Friday, July 28, 2017

Appalachian Woman by Luther Kirk

Regional in scope yet universal in truths, Appalachian Woman speaks to the reader concerning love, loss, labor, and longing.


“The Appalachian woman who is the subject of the poems in Luther Kirk’s collection is not just any generic Appalachian. She is the woman he knew best—his mother, a woman who “dropped all twelve of [her] young’uns year after year like seed taters on a Good Friday,” a woman who had too much work to do to take time out to send for the midwife, a woman who hauled water and sacks of grain, who planted by the signs and endured. Kirk’s adroit use of verbs and his eye for the just-right image bring the beloved Appalachian woman to life for his readers. The book is a can’t-put-it-down from the “Unmade Bed” of the opening poem to the final note of “She Left.””

~ Connie Jordan Green, author of Household Inventory,
   winner of the Brick Road Poetry Prize

“In an era when hardly anything is fresh, Luther Kirk captures the language of the ancient Appalachians in a refreshing book of poetry. He knows the language that could only come from living among the proud and often misaligned people that call these peaks and valleys home. Luther’s poetry flows across the page, rolling off the tongue the way a summer rain rolls off the rocks and trees of his native Southwest Virginia. Strip away all pretense and what you have left is an honesty of expression that is both delightful and unexpected.”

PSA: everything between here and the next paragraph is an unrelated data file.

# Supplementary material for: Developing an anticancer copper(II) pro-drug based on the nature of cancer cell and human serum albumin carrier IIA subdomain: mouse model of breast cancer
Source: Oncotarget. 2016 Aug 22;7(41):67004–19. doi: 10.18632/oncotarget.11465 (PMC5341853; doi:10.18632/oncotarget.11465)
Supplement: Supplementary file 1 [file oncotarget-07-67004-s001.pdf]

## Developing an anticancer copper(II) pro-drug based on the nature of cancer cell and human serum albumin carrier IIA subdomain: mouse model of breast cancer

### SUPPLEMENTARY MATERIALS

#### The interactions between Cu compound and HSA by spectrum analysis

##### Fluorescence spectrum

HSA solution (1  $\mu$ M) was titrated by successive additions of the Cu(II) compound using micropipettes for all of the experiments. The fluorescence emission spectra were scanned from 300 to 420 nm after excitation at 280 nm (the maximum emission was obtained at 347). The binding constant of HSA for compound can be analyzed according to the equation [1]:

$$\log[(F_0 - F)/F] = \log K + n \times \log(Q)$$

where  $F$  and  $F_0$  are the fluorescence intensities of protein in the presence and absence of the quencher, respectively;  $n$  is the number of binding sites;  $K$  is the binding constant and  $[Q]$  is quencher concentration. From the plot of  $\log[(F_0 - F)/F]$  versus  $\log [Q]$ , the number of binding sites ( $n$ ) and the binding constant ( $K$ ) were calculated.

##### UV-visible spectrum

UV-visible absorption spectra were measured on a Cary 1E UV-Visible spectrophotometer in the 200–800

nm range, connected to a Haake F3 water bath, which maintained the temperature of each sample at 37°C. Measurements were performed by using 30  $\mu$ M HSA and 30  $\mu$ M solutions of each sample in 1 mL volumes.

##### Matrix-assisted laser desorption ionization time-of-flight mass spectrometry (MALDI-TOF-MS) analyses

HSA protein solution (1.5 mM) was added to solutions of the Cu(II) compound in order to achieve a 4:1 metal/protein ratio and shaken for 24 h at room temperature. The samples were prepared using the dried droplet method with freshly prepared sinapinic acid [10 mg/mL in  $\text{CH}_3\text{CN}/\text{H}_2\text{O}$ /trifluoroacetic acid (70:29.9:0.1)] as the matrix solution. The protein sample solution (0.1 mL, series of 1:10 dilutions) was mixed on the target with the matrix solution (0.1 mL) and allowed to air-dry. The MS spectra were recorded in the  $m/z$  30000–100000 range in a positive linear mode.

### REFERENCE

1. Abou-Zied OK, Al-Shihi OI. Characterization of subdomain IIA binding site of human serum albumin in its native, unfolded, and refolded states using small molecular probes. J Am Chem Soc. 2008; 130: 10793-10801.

~ Patricia Hope, award-winning poet

“In this rich, dense, sharply etched collection, Appalachian Woman, Luther Kirk becomes a landscape artist, painting in a spectrum of mountain vernacular as expansive and detailed as the mountains themselves and as intimate as the landscapes of larder and washday, garden and bedroom, the birth of babies and the ridges and hollers that brought those babies into being. Sensual, musical, vivid, this is a landscape as complex as the original garden and the caresses and curses it spawned--procreation, labor of all kinds, and survival, all the gifts from and to a widow left with little but what she herself creates, a self-reliant and self-aware woman squeezing every drop from what is within reach. An absolutely beautiful book.” 

~ Darnell Arnoult, author of Galaxie Wagon: Poems and 
   What Travels with Us: Poems. 


Luther Kirk was born in the mountains of Southwest Virginia in 1945 and has lived in the state all of his life. After retirement from the Virginia education system, he decided to try his hand at writing about his people--the Appalachians. Luther currently resides in Chester, Virginia with his wife Katy and his Cairn Terrier, Bessie Rose. 

34 pages, 25 poems

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